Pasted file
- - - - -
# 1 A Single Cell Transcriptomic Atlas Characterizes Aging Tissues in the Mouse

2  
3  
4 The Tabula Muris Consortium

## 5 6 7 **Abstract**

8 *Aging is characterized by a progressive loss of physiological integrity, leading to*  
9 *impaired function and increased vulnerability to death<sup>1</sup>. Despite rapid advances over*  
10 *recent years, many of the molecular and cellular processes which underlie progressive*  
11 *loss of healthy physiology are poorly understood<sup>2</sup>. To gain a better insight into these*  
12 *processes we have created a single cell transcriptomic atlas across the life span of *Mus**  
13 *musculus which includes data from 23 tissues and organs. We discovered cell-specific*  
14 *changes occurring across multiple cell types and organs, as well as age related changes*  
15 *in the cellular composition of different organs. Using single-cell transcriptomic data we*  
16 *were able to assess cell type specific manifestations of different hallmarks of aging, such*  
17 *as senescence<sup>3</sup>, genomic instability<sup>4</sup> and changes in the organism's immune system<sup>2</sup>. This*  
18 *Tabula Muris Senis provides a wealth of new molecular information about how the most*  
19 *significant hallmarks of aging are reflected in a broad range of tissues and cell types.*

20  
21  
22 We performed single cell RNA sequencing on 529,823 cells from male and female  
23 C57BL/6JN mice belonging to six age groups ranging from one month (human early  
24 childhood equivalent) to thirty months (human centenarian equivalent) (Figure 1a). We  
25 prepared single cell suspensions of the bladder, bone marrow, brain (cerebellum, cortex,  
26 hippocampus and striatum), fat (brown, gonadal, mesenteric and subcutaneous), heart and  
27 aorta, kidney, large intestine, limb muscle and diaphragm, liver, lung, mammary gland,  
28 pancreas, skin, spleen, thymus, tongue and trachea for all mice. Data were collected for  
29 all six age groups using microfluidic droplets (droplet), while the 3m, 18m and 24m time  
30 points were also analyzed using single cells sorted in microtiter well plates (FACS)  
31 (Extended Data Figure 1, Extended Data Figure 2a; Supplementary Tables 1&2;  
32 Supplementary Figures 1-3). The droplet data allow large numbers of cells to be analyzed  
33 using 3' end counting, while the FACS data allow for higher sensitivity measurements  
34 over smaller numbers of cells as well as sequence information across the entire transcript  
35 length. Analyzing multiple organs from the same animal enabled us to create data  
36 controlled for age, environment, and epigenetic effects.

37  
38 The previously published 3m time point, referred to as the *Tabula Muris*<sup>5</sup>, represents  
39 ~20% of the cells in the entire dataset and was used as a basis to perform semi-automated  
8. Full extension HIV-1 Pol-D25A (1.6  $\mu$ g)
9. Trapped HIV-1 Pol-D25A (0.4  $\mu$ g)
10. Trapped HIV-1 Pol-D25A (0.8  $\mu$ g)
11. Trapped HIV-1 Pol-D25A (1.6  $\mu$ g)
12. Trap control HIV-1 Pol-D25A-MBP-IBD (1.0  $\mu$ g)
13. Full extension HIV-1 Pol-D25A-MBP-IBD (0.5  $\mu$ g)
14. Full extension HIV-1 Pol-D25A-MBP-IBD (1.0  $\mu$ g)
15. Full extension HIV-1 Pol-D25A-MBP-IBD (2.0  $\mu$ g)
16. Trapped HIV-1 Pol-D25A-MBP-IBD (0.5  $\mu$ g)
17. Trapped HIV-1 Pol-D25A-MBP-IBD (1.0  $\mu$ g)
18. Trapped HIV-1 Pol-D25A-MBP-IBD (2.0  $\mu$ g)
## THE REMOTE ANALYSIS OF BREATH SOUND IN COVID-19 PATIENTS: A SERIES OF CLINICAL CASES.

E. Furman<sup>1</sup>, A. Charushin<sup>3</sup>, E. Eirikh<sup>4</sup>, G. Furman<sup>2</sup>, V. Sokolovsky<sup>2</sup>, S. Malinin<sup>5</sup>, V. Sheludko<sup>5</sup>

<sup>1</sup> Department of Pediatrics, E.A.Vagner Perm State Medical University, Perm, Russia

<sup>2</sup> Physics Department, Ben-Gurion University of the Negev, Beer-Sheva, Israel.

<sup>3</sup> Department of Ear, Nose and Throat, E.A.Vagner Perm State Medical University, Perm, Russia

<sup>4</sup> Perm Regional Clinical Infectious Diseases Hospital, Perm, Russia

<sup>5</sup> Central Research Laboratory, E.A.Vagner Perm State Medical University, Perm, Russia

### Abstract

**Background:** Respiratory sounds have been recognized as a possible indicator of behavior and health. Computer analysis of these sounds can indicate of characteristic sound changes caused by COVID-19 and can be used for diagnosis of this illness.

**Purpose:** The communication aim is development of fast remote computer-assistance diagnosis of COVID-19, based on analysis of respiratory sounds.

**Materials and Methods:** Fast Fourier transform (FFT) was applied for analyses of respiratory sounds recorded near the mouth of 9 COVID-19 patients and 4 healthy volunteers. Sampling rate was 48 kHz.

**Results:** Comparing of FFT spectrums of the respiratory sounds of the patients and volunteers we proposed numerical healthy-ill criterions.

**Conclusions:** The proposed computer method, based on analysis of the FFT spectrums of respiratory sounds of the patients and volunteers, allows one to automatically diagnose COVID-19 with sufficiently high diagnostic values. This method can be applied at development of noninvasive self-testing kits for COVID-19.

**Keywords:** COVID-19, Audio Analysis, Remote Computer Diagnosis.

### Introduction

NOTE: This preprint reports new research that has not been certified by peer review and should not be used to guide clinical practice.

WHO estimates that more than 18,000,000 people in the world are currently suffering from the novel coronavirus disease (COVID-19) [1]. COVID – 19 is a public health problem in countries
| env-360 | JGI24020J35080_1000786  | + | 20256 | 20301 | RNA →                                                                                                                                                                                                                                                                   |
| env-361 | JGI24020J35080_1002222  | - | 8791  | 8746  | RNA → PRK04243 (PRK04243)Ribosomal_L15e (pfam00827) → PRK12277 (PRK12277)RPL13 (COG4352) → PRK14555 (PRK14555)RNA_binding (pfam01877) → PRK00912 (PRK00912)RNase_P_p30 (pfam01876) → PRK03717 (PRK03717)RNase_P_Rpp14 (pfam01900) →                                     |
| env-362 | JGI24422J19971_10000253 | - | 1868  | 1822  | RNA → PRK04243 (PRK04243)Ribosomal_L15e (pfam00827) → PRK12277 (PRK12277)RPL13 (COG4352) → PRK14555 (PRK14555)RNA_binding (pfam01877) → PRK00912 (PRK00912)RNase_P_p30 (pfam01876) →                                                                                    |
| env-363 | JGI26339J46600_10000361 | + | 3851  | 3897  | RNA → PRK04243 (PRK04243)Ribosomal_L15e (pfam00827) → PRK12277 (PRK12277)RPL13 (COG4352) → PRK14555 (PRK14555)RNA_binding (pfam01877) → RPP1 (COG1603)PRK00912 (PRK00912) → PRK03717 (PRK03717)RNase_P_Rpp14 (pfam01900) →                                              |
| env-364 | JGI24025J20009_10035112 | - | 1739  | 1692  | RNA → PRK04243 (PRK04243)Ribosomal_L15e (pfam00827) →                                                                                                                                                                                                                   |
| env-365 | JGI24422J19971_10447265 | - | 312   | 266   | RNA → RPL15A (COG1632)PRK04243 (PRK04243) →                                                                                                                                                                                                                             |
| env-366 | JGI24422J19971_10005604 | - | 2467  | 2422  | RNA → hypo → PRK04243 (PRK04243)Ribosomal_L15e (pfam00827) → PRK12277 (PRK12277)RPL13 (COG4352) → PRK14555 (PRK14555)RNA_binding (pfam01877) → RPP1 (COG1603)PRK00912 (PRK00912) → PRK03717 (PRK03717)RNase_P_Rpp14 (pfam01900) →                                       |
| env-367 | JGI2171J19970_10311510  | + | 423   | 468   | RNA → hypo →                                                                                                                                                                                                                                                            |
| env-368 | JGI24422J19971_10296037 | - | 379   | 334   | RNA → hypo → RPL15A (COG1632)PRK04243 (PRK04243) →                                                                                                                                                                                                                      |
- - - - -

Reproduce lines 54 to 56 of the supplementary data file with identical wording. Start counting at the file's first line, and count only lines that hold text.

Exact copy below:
<sup>4</sup> Perm Regional Clinical Infectious Diseases Hospital, Perm, Russia

<sup>5</sup> Central Research Laboratory, E.A.Vagner Perm State Medical University, Perm, Russia

### Abstract